ST. PETERSBURG — If city officials showed again on Friday that there's no consensus on how to rebuild the Pier — the city's famed and fading tourist mecca — they did decide on at least one thing.
They won't build it on land.
Recently, Mayor Bill Foster had promoted doing just that. It was the cheapest of the options now being considered, costing about $42 million. The most expensive option, at $87 million, would keep it where it is — 3,300 feet from shore.
"The elephant in the room is that we can't afford (to keep it where it is)," said Foster. "The only one we could build is (the one on land). Or nothing at all."
But council members Jeff Danner, Jim Kennedy and council Chairwoman Leslie Curran said it was a waste of money to have a landlocked building that would compete with restaurants along Beach Drive.
"That's not a pier," Danner said. "That's a mistake to build more on the waterfront. Talk about blocking the view."
By the end of the meeting, Foster said he changed his mind. He still doesn't support an option of keeping it where it is, but would support a new Pier off shore with a smaller approach. He said what convinced him was comments by Marilyn Olsen, who sat on a 20-member task force that since March has pondered ways to refashion the Pier.
"If all you want is another waterfront restaurant, it's a waste of money," Olsen said. Instead, she said the city should build a new pier at least 1,000 feet from shore and hire an architect who can design a building that's reminiscent of, not identical to, the existing inverted pyramid.
Yet Foster also said he's leaving it up to the council to decide. The city has $50 million to spend on the project, but he said about $10 million more could be made available. It would be up to council members to cut the projects that have that funding now. They include a parking garage budgeted for $14 million and $5 million set aside for pedestrian and streetscape improvements. Foster said he wouldn't support a price tag of more than $60 million.
Although the land version of the Pier has been eliminated, there's still no consensus on what one on water will look like six years from now if it's ever built. A survey of task force members showed that six wanted to keep it as it is and 10 wanted another option.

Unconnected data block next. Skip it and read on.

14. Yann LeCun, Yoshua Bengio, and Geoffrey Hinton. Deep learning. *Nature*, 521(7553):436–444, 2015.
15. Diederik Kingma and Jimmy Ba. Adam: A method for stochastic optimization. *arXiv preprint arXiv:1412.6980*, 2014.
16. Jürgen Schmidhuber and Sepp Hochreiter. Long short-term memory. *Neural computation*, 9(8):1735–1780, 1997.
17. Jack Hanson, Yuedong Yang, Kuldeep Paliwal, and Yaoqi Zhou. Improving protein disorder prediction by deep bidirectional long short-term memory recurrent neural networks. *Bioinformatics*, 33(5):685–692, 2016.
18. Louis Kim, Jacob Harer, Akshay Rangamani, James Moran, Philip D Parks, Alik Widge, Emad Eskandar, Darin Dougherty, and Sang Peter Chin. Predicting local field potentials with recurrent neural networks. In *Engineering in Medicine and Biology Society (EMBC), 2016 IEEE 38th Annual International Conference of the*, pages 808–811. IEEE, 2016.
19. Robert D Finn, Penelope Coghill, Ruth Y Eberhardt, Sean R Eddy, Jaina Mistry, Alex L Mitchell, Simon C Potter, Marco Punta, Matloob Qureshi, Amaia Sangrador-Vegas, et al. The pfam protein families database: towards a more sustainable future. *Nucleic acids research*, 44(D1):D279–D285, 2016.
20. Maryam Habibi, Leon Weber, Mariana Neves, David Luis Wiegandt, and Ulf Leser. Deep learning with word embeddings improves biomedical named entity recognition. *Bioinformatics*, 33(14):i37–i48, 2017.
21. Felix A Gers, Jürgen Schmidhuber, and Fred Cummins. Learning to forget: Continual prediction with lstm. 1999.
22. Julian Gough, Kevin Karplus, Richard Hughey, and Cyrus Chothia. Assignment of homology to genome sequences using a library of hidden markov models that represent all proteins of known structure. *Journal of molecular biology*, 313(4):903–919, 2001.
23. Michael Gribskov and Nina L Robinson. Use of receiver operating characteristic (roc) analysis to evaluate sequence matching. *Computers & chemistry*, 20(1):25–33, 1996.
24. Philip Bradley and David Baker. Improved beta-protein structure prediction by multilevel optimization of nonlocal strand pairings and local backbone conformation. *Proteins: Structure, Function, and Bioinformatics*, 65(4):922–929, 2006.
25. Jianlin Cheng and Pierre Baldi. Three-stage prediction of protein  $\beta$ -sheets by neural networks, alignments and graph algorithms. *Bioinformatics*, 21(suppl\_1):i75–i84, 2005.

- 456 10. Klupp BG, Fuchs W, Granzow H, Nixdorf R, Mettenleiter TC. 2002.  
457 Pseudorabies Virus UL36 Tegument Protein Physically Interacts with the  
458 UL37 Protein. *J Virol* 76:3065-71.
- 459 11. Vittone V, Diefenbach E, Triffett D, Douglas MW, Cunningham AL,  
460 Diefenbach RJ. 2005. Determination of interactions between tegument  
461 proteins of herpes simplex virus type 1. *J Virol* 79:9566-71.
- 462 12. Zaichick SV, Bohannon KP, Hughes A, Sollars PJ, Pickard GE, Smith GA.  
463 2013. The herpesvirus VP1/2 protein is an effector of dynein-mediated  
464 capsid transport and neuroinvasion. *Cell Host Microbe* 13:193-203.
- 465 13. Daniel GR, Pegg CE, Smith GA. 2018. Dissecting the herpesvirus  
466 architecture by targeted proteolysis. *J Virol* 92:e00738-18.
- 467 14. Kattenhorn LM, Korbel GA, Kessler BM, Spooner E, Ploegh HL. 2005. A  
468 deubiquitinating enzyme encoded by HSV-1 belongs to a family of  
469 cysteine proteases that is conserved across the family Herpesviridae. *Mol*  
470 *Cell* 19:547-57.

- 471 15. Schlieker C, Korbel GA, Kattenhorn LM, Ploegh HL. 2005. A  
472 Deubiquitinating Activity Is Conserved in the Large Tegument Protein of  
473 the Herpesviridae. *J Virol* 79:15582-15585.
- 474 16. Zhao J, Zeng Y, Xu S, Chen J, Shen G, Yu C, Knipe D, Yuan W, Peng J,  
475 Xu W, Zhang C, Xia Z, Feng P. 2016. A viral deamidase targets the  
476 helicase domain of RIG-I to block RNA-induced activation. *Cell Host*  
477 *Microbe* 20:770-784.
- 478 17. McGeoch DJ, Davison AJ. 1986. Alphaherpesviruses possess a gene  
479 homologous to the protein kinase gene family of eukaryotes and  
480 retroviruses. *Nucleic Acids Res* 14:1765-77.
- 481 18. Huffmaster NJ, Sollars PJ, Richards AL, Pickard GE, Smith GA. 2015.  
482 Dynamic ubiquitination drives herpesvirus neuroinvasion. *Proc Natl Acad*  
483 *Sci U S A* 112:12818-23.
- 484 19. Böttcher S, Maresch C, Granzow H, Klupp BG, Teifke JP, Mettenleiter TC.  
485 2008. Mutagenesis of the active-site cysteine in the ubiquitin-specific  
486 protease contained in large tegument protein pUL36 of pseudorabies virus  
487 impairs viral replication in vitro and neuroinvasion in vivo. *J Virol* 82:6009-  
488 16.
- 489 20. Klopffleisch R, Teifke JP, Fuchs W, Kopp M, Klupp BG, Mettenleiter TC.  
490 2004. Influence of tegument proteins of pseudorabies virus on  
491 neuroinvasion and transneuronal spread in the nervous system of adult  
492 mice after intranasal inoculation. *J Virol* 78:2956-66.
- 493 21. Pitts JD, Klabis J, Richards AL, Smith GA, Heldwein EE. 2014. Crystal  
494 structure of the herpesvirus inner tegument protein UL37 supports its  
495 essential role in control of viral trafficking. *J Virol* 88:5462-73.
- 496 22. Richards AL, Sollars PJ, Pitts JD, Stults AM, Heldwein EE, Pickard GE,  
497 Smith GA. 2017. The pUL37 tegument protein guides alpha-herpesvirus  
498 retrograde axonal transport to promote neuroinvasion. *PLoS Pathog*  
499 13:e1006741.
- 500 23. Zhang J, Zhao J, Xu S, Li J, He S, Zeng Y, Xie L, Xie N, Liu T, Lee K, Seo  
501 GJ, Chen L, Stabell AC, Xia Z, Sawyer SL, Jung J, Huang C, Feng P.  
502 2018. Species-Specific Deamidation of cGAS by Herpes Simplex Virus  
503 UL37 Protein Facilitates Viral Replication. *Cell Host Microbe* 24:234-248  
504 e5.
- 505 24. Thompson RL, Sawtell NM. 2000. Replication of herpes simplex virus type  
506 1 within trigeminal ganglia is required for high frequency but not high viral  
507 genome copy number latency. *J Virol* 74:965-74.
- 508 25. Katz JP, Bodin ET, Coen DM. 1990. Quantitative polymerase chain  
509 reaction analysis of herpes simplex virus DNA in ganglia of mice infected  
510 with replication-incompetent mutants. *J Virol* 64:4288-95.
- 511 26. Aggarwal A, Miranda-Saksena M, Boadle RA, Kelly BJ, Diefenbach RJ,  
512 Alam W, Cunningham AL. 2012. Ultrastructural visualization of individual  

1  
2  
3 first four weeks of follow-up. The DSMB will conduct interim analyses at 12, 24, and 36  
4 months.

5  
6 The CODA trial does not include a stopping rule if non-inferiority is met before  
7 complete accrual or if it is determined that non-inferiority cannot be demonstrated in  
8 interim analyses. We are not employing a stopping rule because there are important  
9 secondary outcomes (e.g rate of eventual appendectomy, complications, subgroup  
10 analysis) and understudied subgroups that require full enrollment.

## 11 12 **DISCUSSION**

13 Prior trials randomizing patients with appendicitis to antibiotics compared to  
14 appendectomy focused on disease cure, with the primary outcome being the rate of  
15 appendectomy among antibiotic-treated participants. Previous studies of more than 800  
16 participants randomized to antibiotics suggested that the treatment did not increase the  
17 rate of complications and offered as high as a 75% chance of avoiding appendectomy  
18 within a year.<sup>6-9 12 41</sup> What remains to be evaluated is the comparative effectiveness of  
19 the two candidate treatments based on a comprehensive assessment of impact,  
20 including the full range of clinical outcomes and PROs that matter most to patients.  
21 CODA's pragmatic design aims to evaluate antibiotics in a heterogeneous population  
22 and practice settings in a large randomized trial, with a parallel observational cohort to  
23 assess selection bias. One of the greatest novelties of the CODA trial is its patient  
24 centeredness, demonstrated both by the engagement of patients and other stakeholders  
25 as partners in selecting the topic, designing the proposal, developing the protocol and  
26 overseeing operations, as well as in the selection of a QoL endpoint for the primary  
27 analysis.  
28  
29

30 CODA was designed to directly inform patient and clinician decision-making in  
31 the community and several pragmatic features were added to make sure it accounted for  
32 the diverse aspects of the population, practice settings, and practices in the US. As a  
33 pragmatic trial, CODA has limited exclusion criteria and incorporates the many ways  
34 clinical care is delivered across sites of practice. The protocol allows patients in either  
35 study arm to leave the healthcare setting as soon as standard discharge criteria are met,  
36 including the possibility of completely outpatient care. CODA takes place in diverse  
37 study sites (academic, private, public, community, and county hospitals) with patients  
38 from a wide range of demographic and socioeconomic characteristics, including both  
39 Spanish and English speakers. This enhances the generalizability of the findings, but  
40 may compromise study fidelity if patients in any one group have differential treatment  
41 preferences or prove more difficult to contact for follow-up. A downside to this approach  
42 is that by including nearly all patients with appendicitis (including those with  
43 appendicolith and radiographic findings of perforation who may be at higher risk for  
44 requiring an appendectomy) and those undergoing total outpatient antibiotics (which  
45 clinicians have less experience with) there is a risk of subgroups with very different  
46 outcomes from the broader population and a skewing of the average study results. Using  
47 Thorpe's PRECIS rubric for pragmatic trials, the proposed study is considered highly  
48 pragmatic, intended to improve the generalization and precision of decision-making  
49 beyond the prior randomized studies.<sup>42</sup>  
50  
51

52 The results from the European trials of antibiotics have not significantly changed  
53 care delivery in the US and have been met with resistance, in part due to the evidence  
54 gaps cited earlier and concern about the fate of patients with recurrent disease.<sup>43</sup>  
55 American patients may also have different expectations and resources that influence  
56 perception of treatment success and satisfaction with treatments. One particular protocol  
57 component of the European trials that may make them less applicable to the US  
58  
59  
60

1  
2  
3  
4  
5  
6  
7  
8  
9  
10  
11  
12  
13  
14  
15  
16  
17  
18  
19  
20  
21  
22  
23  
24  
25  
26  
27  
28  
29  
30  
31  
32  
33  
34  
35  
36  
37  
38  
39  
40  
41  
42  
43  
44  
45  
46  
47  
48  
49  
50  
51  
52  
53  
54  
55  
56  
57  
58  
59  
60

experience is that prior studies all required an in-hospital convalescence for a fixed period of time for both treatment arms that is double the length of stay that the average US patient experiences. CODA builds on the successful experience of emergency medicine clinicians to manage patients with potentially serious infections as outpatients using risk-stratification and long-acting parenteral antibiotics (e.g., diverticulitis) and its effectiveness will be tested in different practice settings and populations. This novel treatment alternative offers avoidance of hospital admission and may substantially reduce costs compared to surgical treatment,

"The biggest decision facing City Council is what to do with the inverted pyramid," said Ed Montanari, the vice chairman of the task force. "Once you decide that, it should be clear as where to go."
Kennedy spoke extensively about some ideas he had. He said it doesn't even have to be a building, but large sculptures of the letters "S" and "P" that would symbolically represent St. Petersburg, much in the way the Gateway Arch represents St. Louis. He also said he'd be open to getting rid of the approach to the Pier, or having two approaches to the Pier with a fisherman's market in between them.
"The Pier is not there to be economically sufficient," he said. "It's supposed to be an economic engine. It will bring people to our city that will keep it vibrant."
Concerns linger that there isn't enough money to build something that will either last or that will be memorable and worth it.
"We're doing a huge disservice by limiting ourselves to $50 million," Curran said. "We don't need to be so shortsighted. We have to look at the future."
Curran asked for another workshop. Consultants may attend that meeting to talk more in detail about concepts, said the city's director of downtown enterprise facilities, Chris Ballestra. He said the meeting will probably be held in the next month.
"Will they find consensus?" Ballestra said. "It's to be determined."
Michael Van Sickler can be reached at (727) 893-8037 or firstname.lastname@example.org